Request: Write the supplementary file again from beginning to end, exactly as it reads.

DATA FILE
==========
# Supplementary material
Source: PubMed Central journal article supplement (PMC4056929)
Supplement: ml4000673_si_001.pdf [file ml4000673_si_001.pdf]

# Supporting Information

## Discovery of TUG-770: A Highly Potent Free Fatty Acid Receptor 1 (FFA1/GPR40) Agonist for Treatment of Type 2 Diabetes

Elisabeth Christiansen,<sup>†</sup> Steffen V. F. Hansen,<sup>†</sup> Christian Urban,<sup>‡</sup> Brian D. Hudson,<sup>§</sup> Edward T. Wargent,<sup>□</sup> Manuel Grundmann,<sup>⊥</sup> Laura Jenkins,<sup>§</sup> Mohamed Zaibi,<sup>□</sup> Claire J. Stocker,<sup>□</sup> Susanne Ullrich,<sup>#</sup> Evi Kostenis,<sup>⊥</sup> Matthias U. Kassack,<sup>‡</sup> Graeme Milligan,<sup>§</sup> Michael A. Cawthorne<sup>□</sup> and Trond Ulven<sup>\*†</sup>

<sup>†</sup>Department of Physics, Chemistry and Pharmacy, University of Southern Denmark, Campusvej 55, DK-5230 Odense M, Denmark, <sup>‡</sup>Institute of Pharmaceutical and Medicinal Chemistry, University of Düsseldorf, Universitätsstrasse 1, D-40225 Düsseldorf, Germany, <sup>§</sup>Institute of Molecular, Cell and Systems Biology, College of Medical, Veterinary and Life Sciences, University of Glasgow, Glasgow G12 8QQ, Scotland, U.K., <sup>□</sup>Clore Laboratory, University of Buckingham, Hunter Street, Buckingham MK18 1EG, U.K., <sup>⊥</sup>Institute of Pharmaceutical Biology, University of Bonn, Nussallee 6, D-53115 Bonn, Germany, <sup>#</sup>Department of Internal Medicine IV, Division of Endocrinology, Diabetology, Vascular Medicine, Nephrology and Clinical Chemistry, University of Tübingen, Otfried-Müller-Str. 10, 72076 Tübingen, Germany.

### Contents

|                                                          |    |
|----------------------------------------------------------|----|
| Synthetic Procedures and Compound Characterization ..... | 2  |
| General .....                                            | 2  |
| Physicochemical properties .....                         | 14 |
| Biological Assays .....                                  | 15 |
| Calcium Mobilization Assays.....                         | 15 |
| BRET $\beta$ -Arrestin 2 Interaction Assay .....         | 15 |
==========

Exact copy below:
# Supplementary material
Source: PubMed Central journal article supplement (PMC4056929)
Supplement: ml4000673_si_001.pdf [file ml4000673_si_001.pdf]

# Supporting Information

## Discovery of TUG-770: A Highly Potent Free Fatty Acid Receptor 1 (FFA1/GPR40) Agonist for Treatment of Type 2 Diabetes

Elisabeth Christiansen,<sup>†</sup> Steffen V. F. Hansen,<sup>†</sup> Christian Urban,<sup>‡</sup> Brian D. Hudson,<sup>§</sup> Edward T. Wargent,<sup>□</sup> Manuel Grundmann,<sup>⊥</sup> Laura Jenkins,<sup>§</sup> Mohamed Zaibi,<sup>□</sup> Claire J. Stocker,<sup>□</sup> Susanne Ullrich,<sup>#</sup> Evi Kostenis,<sup>⊥</sup> Matthias U. Kassack,<sup>‡</sup> Graeme Milligan,<sup>§</sup> Michael A. Cawthorne<sup>□</sup> and Trond Ulven<sup>\*†</sup>

<sup>†</sup>Department of Physics, Chemistry and Pharmacy, University of Southern Denmark, Campusvej 55, DK-5230 Odense M, Denmark, <sup>‡</sup>Institute of Pharmaceutical and Medicinal Chemistry, University of Düsseldorf, Universitätsstrasse 1, D-40225 Düsseldorf, Germany, <sup>§</sup>Institute of Molecular, Cell and Systems Biology, College of Medical, Veterinary and Life Sciences, University of Glasgow, Glasgow G12 8QQ, Scotland, U.K., <sup>□</sup>Clore Laboratory, University of Buckingham, Hunter Street, Buckingham MK18 1EG, U.K., <sup>⊥</sup>Institute of Pharmaceutical Biology, University of Bonn, Nussallee 6, D-53115 Bonn, Germany, <sup>#</sup>Department of Internal Medicine IV, Division of Endocrinology, Diabetology, Vascular Medicine, Nephrology and Clinical Chemistry, University of Tübingen, Otfried-Müller-Str. 10, 72076 Tübingen, Germany.

### Contents

|                                                          |    |
|----------------------------------------------------------|----|
| Synthetic Procedures and Compound Characterization ..... | 2  |
| General .....                                            | 2  |
| Physicochemical properties .....                         | 14 |
| Biological Assays .....                                  | 15 |
| Calcium Mobilization Assays.....                         | 15 |
| BRET $\beta$ -Arrestin 2 Interaction Assay .....         | 15 |